As I was driving to work recently, I noticed a vehicle with a vanity license plate. The license plate clearly identified the owner of the vehicle as a doctor. While there certainly are different types of doctors, I would imagine that the average person presumes a reference to “doctor” is to a medical doctor. Going a step further, I would think the average person assumes that doctors, on the whole, are wealthy people. Take into account the perceived value of a luxury brand vehicle, as was the case here, and the argument that the driver is wealthy becomes even more reasonable.
This brings me to a point that I have discussed with many financial advisors over the years. While there is a wide variety of assets well-suited for funding into a trust, I contend that a client’s personal vehicle is not one of them. Although putting a vehicle in trust while the client is alive can help with a more fluid transfer of ownership upon death, the primary reason I do not recommend putting a personal vehicle into a trust is the exact same reason I do not think it is wise to identity one’s profession on a license plate.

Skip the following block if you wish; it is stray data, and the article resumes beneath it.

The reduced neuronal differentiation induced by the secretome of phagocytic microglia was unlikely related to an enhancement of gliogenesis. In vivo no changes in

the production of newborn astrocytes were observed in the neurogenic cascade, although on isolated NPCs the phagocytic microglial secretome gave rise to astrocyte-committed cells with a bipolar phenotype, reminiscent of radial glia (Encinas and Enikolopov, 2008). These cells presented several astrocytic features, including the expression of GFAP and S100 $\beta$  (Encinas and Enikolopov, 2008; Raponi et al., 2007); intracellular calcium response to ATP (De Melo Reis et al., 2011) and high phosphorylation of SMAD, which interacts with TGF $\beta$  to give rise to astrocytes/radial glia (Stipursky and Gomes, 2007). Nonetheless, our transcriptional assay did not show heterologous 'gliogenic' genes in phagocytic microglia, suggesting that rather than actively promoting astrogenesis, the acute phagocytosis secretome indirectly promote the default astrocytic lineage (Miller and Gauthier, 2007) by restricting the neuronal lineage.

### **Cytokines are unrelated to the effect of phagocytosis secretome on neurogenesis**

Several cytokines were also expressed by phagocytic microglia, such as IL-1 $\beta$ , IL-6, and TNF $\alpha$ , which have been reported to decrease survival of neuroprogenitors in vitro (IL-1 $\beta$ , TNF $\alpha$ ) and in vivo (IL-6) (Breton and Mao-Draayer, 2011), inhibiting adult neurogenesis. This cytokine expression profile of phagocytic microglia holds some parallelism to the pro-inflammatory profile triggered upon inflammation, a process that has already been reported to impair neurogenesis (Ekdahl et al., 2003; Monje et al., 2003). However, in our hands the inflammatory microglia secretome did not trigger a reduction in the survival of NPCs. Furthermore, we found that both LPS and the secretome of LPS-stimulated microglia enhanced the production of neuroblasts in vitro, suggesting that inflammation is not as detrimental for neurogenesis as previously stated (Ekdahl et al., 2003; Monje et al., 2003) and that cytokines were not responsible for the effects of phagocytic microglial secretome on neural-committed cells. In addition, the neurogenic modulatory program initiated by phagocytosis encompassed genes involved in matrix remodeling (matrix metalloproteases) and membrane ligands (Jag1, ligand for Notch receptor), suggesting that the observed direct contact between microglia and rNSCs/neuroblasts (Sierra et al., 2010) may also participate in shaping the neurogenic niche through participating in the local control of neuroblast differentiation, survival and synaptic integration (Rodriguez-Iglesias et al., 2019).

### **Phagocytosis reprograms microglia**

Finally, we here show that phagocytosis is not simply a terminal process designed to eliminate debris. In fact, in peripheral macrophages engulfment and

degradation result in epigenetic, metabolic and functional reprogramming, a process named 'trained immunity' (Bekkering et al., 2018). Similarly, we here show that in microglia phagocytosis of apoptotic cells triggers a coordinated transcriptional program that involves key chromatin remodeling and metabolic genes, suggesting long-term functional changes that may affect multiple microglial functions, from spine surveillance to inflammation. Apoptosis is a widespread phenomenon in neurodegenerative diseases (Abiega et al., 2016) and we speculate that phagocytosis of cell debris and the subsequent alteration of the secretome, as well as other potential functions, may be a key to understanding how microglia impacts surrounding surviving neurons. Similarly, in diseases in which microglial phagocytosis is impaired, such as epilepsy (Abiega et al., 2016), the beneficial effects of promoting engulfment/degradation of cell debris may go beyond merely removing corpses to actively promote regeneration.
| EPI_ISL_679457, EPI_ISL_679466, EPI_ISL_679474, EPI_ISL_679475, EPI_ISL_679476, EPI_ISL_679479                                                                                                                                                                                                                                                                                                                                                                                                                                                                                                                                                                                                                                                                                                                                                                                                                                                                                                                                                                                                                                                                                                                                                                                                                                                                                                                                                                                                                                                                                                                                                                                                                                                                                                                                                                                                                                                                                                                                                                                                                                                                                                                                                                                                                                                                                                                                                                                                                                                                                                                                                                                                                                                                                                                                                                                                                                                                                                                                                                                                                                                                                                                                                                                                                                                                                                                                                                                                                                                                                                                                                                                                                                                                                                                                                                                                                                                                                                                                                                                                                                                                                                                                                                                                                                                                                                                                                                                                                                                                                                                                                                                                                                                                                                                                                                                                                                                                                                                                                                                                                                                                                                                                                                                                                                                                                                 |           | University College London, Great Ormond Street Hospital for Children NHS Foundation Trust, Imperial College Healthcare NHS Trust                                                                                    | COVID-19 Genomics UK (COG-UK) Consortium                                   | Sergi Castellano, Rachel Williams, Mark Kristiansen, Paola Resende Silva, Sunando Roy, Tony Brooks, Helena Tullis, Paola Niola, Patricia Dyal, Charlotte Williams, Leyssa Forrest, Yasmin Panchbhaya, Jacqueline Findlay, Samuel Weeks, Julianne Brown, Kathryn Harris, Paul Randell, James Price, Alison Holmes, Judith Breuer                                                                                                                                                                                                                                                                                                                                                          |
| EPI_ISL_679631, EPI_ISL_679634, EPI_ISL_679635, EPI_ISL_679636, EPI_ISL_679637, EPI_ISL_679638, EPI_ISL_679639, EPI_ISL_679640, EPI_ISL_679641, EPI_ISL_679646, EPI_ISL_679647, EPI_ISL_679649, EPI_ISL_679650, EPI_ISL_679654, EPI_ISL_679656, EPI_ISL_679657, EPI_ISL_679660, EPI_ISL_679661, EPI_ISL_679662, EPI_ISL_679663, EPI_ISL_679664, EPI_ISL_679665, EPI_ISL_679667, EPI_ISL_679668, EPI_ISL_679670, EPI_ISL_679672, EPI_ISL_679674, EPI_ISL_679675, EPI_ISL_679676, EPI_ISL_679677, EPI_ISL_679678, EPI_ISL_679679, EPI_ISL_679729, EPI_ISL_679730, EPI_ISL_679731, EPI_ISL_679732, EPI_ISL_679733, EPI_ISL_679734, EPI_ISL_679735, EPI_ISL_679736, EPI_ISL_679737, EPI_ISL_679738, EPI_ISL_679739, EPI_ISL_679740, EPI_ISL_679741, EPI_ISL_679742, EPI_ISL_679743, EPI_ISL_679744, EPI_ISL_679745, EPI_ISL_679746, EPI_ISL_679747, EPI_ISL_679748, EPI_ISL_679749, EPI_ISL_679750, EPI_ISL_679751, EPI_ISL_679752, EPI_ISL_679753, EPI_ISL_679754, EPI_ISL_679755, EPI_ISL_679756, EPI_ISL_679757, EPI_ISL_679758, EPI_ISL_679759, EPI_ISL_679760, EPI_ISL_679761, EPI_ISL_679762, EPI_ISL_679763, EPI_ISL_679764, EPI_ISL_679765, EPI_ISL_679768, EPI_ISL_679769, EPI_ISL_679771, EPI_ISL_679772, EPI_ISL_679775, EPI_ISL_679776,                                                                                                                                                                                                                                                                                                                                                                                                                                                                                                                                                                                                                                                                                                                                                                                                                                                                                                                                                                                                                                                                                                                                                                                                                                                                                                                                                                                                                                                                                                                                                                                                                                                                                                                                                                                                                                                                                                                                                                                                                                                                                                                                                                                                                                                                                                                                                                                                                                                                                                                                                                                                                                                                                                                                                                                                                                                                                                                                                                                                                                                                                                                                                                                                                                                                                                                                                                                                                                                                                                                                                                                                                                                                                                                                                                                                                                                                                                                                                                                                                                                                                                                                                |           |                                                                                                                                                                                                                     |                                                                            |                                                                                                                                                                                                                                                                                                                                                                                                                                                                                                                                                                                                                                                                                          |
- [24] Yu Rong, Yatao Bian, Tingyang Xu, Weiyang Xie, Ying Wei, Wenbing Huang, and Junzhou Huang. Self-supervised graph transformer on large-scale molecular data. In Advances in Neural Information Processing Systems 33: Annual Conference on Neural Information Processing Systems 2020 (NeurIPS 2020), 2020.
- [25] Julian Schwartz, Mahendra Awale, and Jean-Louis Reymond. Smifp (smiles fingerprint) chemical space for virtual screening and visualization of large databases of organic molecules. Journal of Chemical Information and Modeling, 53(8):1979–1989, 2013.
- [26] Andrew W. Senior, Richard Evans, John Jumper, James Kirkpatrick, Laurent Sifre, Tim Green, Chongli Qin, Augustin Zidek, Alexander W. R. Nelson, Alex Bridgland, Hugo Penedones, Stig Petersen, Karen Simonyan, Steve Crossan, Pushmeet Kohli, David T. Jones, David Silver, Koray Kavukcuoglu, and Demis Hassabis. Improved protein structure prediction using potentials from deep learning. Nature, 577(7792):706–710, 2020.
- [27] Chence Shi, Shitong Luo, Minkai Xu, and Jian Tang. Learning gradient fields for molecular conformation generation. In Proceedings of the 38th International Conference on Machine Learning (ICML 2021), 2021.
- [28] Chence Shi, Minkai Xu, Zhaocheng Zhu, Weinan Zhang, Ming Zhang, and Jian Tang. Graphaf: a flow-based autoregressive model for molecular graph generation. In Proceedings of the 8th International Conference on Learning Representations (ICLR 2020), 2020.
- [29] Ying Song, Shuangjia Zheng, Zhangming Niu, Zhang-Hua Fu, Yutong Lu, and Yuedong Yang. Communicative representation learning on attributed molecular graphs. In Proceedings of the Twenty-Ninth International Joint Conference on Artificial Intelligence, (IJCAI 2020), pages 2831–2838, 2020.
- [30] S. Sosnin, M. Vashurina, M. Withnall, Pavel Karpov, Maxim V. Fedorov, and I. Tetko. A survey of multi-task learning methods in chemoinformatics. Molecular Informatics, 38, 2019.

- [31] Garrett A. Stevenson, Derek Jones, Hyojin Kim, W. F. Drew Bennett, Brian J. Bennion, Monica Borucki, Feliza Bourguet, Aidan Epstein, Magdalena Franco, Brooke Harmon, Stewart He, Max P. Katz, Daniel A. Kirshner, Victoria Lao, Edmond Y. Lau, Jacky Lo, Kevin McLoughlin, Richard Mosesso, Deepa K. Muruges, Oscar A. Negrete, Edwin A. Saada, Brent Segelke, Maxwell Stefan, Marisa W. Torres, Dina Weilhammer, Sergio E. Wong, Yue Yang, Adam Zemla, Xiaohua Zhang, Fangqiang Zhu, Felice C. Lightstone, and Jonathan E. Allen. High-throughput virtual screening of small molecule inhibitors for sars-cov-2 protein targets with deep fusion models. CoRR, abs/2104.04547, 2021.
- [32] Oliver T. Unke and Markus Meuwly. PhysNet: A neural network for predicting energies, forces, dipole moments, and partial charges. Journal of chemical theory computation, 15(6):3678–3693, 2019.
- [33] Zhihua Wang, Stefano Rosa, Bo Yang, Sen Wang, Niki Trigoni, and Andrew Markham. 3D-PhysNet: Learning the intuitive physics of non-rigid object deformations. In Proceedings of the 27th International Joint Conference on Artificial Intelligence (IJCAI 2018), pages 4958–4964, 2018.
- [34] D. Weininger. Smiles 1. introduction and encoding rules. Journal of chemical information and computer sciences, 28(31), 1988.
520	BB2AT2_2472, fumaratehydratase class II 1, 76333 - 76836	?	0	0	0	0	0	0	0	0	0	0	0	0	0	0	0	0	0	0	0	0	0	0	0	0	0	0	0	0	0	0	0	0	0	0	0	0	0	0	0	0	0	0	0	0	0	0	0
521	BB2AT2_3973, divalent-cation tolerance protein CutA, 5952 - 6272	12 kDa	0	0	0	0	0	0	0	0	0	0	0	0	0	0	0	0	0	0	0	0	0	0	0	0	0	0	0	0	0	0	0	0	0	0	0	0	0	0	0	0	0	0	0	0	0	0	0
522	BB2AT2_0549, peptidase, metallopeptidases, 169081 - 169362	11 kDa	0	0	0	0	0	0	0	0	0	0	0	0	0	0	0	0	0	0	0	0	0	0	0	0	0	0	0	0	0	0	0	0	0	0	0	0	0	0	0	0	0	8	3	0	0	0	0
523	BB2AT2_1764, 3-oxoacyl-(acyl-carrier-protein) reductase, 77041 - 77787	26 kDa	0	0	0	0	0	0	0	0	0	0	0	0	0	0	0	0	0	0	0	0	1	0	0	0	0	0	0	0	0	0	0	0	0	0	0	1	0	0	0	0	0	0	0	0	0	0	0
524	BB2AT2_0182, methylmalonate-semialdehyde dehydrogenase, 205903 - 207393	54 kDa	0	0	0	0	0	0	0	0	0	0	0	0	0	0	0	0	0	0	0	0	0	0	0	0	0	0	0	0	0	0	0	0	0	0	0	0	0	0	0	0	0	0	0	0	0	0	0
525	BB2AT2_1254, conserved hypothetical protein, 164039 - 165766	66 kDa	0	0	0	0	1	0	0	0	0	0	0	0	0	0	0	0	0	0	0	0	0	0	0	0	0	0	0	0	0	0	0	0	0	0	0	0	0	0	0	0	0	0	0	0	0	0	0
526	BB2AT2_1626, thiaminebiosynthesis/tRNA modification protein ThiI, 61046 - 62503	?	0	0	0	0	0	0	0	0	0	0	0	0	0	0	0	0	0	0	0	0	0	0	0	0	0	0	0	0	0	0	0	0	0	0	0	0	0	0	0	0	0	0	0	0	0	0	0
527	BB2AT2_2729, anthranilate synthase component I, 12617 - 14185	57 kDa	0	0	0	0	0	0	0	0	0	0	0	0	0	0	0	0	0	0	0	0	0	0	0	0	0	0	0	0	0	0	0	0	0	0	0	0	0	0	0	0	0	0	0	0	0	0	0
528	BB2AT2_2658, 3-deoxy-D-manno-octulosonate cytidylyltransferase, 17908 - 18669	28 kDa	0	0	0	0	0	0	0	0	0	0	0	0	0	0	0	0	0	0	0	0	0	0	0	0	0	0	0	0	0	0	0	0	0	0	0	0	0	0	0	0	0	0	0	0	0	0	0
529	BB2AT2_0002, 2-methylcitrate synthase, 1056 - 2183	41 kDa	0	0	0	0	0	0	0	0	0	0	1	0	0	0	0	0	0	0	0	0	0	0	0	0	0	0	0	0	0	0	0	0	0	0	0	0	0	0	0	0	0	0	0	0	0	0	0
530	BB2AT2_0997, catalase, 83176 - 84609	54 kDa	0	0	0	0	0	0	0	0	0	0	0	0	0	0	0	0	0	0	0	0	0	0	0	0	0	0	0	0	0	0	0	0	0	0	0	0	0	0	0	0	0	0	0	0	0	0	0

Doing so opens the door for additional claims of liability against the driver or the driver’s estate. If ever a client should want to divert attention away from the size of his or her bank account, it should be when driving a multi-ton vehicle at high rates of speed along crowded streets. Any successful personal injury attorney can attest that car wreck injuries can be subjective, since it may be difficult to show certain injuries, like soft tissue damage for example. Proof of damage in that case often turns more on the feeling of the victim than on medical proof. It could be anticipated that a victim could be “more hurt” if he or she learns the other driver is wealthy.
As we assume doctors are wealthy, there is a misconception that anyone with a trust must also be wealthy. Although I go to great lengths to explain to my clients that a trust has little to do with the amount of their assets and more to do with the relationships they have with their loved ones, the average person tends to believe that trusts are for the wealthy, and having a trust is a sign of wealth.
As discussed above, people who are injured by a wealthy person tend to be more injured than those who are injured by a pauper. Remember that vehicle records are public records. While vanity license plates can be fun and display a person’s interests or passions, and titling a vehicle into a trust can make the transfer easier at death, think about what message these actions send to other drivers. The risk may not be worth the reward.
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